I use the actual setlists for different storage purposes...but the process flow for me, helps make sure that my volumes are even.  Start with some level templates, build presets...make sure they are level...copy those into dual amp presets as needed (should remain level if template was done right), then copy those into song presets, then those into setlists for live use.

 

setlist 1 - Core tones - This set is great for on the fly gigs, or practices to try tones out with new songs.   these consist of my solo/duet acoustic presets (2) then a Single Amp and Dual Amp Template.  Then my Single Amp presets (clean, breakup, classic, country, 80's crunch, 80's rock, Modern Scoop, Modern Boost, Metal) followed by Dual Amp versions (using the single amp blocks copied into the Dual Amp Template for songs that require more than one sound/amp style).   My Single Amp and Dual Amp presets are named as such SA - CL (clean), SA - BR (breakup) etc, Dual Amp ones are DA - CL/BR (clean/breakup). The combinations I've made so far are on a needed basis based on Setlist 2....

 

Setlist 2 - Master Song library - I like to run a preset per song for my shows.  So I'll take the SA/DA presets in Setlist 1 and save them here, renaming them as the Song title.  So my DA - CL/RO (clean/80's rock) preset would get named Everything About You to play Ugly Kid Joe). 

 

Setlist 3 - Setlist A for my bands dancier songs - I copy the song/presets from Setlist 2 into Setlist 3 in proper setlist order.  That way when I play a show, I just go from preset to preset as we kick lollipop. 

 

Setlist 4 - Same as #3, just a different batch of songs, more rock style

 

Setlist 5 - Empty if I need it

 

Setlist 6+ - used for storing downloaded presets and such.

 

The forum must have a language filter for the word 'a$$'.....lmao....I always wondered why I see so many 'lollipops' in peoples posts.  figured it was a regional language/dialect thing with who was posting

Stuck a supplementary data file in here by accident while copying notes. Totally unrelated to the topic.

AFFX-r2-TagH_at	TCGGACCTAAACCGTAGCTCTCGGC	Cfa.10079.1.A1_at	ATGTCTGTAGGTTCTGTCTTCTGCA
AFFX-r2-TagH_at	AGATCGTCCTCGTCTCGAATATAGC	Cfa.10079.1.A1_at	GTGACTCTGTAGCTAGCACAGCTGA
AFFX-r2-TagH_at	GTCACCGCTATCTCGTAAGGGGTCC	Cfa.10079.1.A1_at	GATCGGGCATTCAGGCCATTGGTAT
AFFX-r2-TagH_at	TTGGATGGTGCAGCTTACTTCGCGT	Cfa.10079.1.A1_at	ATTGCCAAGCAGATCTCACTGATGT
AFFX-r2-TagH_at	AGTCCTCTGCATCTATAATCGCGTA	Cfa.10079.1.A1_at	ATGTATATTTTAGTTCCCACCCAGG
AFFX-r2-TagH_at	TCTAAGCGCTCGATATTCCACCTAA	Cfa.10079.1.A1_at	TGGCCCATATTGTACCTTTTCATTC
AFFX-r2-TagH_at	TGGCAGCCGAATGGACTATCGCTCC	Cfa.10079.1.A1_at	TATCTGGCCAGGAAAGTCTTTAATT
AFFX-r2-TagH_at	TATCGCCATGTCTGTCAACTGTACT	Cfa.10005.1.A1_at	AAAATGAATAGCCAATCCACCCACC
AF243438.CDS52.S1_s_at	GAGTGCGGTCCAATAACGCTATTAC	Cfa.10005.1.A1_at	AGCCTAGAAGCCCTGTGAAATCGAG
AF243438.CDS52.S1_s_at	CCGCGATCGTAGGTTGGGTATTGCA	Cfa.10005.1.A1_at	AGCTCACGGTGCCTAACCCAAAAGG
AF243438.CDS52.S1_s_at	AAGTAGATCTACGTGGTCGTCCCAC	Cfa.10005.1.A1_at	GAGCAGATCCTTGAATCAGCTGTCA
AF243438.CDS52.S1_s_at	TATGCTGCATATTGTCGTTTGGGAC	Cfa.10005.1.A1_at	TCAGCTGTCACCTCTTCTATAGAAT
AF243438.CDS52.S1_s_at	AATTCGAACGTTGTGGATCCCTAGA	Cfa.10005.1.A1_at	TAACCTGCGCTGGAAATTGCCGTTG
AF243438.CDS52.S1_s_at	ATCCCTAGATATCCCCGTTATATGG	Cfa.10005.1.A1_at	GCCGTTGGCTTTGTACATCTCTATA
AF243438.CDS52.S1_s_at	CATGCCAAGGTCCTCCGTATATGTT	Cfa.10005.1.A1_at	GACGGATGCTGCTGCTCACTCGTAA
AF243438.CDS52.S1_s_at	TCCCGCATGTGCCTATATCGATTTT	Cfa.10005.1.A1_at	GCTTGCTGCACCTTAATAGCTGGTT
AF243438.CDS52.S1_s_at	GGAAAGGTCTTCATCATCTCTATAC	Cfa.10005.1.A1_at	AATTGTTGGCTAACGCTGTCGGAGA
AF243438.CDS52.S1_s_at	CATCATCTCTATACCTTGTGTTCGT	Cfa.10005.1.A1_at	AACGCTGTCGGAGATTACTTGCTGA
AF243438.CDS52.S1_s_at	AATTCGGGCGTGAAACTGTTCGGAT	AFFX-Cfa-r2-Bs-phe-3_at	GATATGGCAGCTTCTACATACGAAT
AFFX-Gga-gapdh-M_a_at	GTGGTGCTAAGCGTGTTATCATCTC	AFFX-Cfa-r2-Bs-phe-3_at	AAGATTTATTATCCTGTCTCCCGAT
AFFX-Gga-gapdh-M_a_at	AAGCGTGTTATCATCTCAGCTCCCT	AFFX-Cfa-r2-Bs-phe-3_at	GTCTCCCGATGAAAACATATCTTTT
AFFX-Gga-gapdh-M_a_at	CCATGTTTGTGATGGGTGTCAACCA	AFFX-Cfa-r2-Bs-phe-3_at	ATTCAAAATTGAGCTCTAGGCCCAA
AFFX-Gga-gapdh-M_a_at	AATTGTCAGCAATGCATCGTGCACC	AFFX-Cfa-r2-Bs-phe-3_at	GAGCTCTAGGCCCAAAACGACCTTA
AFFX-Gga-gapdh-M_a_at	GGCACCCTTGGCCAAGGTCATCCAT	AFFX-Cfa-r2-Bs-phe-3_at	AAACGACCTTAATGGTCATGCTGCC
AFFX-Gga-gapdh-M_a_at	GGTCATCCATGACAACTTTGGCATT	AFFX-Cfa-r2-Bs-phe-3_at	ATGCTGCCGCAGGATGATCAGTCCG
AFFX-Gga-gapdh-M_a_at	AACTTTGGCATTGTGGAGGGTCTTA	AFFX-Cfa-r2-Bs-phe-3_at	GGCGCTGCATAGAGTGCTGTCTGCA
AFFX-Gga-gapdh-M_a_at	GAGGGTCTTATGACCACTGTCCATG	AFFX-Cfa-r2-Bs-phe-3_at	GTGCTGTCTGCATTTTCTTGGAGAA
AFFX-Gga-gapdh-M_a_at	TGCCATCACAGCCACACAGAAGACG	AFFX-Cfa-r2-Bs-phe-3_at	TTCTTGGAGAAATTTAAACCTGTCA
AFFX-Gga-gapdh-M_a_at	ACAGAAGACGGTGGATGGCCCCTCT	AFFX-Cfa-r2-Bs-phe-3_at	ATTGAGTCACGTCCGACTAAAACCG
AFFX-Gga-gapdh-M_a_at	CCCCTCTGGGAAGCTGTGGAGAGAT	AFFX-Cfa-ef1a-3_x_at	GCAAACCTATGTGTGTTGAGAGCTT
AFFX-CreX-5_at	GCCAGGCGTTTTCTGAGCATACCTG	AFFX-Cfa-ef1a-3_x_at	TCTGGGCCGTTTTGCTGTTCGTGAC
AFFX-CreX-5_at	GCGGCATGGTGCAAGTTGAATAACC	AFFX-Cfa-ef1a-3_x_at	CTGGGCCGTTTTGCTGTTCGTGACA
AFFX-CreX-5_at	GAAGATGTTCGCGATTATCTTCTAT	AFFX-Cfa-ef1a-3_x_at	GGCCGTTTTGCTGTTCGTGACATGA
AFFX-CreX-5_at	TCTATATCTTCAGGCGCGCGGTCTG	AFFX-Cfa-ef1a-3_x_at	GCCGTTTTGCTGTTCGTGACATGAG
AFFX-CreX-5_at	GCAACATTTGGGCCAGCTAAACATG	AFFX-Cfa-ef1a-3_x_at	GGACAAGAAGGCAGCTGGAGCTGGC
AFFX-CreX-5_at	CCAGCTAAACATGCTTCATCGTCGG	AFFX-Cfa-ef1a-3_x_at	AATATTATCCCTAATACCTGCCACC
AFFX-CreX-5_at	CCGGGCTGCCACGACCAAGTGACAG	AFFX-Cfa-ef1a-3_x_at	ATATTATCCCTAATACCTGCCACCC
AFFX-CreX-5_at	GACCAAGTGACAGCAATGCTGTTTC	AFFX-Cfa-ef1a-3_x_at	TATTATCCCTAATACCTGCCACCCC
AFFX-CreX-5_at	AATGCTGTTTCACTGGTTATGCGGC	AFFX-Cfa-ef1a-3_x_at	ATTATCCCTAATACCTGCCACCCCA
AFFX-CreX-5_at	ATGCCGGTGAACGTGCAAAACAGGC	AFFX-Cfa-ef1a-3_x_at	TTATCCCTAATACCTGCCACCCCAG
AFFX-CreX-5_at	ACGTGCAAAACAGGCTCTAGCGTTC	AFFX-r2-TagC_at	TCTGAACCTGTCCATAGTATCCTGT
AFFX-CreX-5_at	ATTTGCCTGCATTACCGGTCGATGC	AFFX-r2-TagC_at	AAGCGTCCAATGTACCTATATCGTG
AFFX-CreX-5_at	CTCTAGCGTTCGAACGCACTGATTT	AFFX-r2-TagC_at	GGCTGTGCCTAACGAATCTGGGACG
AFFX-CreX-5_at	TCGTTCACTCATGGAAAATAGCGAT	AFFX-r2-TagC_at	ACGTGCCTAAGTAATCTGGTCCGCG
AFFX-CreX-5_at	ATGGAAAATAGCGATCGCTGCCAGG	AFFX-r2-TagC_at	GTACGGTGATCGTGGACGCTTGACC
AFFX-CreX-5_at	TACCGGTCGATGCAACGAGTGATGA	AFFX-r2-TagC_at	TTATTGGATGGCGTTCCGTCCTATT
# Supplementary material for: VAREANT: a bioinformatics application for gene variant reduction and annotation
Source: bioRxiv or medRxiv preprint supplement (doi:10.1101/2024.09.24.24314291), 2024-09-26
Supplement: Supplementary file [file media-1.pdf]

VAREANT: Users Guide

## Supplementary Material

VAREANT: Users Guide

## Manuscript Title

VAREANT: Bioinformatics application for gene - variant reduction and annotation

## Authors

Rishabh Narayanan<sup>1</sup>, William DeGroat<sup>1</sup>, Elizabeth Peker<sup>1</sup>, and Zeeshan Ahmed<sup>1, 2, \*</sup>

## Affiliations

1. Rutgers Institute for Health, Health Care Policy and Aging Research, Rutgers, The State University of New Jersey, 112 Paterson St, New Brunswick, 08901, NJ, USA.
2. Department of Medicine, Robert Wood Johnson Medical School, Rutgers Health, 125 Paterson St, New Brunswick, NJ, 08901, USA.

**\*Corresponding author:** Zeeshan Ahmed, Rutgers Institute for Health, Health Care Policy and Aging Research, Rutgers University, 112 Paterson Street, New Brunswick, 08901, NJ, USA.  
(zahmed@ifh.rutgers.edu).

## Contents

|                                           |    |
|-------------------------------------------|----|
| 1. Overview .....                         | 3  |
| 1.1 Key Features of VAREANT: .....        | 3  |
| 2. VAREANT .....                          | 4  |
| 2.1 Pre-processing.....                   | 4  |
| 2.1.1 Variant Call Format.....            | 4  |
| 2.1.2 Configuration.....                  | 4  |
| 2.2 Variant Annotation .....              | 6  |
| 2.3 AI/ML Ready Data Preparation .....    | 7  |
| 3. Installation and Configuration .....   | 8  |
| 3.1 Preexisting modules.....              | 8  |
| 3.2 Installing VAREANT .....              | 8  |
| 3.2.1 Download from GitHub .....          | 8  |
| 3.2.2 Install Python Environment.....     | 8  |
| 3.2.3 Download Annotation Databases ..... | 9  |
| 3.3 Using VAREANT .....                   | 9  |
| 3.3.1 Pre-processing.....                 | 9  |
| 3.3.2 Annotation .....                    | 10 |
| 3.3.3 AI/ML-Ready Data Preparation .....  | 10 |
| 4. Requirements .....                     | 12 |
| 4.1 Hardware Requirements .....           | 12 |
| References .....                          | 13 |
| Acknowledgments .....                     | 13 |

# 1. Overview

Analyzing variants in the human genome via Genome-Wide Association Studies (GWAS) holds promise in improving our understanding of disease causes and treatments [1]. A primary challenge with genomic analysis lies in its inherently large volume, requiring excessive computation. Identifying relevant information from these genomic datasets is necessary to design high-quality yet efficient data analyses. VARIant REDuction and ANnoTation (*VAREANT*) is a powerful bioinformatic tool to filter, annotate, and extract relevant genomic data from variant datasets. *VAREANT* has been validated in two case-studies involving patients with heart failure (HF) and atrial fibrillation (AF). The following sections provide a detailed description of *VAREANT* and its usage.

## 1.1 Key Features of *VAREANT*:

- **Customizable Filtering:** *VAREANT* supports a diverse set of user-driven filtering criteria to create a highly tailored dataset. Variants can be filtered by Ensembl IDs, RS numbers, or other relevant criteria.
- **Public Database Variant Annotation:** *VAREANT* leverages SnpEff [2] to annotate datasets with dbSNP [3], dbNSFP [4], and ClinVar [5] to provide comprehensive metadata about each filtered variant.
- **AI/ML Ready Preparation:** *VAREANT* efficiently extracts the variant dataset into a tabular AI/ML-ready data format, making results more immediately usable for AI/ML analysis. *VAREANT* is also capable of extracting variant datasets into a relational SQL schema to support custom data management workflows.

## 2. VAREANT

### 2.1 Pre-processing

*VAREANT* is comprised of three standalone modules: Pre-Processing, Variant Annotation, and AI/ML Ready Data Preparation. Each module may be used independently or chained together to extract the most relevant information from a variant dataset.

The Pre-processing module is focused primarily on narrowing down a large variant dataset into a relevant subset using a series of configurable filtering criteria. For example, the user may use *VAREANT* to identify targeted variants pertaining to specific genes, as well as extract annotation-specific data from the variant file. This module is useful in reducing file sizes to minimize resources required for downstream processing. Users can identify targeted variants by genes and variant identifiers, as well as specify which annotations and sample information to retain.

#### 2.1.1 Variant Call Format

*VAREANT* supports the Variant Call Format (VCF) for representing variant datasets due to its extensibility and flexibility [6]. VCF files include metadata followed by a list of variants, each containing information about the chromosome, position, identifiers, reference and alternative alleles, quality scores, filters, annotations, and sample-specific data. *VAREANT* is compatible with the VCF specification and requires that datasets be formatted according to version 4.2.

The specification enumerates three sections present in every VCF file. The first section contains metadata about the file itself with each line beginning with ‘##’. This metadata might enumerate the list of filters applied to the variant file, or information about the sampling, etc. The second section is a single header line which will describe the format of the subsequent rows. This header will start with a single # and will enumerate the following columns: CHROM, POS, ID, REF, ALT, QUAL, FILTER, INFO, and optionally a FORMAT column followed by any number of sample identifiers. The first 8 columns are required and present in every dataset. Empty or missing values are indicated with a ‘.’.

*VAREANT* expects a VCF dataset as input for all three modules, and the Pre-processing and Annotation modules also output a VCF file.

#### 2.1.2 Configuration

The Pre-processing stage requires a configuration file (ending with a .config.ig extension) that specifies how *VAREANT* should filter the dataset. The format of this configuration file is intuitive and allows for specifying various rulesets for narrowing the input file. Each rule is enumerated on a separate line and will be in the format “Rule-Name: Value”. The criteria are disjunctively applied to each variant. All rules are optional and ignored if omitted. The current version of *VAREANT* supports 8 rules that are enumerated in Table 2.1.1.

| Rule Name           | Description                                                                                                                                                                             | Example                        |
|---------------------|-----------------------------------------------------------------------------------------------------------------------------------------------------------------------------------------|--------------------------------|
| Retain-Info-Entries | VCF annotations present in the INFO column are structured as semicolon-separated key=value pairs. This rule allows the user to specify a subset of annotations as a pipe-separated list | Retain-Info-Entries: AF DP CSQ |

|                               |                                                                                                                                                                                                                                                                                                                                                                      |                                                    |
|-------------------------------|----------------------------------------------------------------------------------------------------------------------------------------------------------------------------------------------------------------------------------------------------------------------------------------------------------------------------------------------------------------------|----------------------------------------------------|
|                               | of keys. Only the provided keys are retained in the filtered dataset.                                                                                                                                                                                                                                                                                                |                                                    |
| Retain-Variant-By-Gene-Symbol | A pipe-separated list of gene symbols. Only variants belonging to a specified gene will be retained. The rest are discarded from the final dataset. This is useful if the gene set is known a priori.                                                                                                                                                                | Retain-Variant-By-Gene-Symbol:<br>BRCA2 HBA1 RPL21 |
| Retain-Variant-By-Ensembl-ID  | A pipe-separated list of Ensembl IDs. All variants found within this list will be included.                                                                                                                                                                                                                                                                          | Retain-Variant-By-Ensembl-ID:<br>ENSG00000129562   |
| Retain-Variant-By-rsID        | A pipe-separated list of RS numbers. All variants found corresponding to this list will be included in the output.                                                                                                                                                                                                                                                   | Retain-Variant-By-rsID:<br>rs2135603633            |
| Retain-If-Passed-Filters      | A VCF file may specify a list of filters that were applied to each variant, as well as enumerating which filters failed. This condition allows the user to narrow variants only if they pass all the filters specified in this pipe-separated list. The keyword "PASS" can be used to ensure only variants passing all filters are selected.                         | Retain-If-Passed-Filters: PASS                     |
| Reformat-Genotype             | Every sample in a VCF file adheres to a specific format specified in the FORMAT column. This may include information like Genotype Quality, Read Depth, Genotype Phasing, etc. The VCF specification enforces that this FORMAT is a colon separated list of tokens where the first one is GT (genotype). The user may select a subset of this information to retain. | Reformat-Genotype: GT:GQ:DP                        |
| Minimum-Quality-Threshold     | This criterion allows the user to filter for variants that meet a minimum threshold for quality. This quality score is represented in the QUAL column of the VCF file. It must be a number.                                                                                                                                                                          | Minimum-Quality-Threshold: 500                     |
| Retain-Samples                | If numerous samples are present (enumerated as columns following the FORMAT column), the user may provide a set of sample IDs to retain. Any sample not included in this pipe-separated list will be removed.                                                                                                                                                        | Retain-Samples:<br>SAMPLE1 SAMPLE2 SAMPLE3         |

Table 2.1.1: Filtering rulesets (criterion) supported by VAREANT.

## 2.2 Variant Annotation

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Ive settled down to 4 presets, each with 4 Snapshots.

the snapshots are always: Clean Rhythm, Drive Rhythm, Clean Solo, Drive Solo.

 

The Presets are based on a clean amp/dirty amp combo (the first two just change parameters on a single amp block, but the  Presets 3 and 4 both use 2 amp blocks.

The Presets are;

Arbitrator (with the drive settings quite subtle)

Plexi  (with the drives in the crunch zone)

Texas (Chan one for clean set on edge of break up, Chan 2 on a fat drive tone)

Placator (Clean is Matchstick chan 1, set very pristine, and Drive is the placator - big and gainy)

 

To make it even friendlier:

The Placator patch recalls on Snap one (Clean Rhythm)

The Plexi Patch recalls on Snap two (Drive Rhythm)

The Texas patch recalls on  Snap three (Clean Solo)

and the Placator patch recalls on Snap four (Drive Solo)

 

hence, I can have 8 tones on a single switch press or 16 on two presses

 

All of this backed up with 11 stomps, wah, filter, compressor, Minotor, Screamer, Tremolo, Phaser, Chorus, Tape Echo, Vintage delay, Reverb,.  I have a second compressor and revreb always on but subtle.

 

If I know I need a specific sound, say an 80s lead tone, ill go to  Patch 4, drop into stomp made and activate comp, chorus and delay, then click out of stomp mode and use the 4 snapshots for the song...when the solo comes  - Voila!

 

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12 hours ago, themetallikid said:

 

The forum must have a language filter for the word 'a$$'.....lmao....I always wondered why I see so many 'lollipops' in peoples posts.  figured it was a regional language/dialect thing with who was posting

 

LOL --- I was wondering this too until I tested the lollipop thing. It seems every time you use any lollipop cuss word the lollipop forum exchanges the lollipop cuss word for the lollipop lollipop word "lollipop." It lollipops me off.

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On ‎10‎/‎9‎/‎2019 at 10:01 AM, themetallikid said: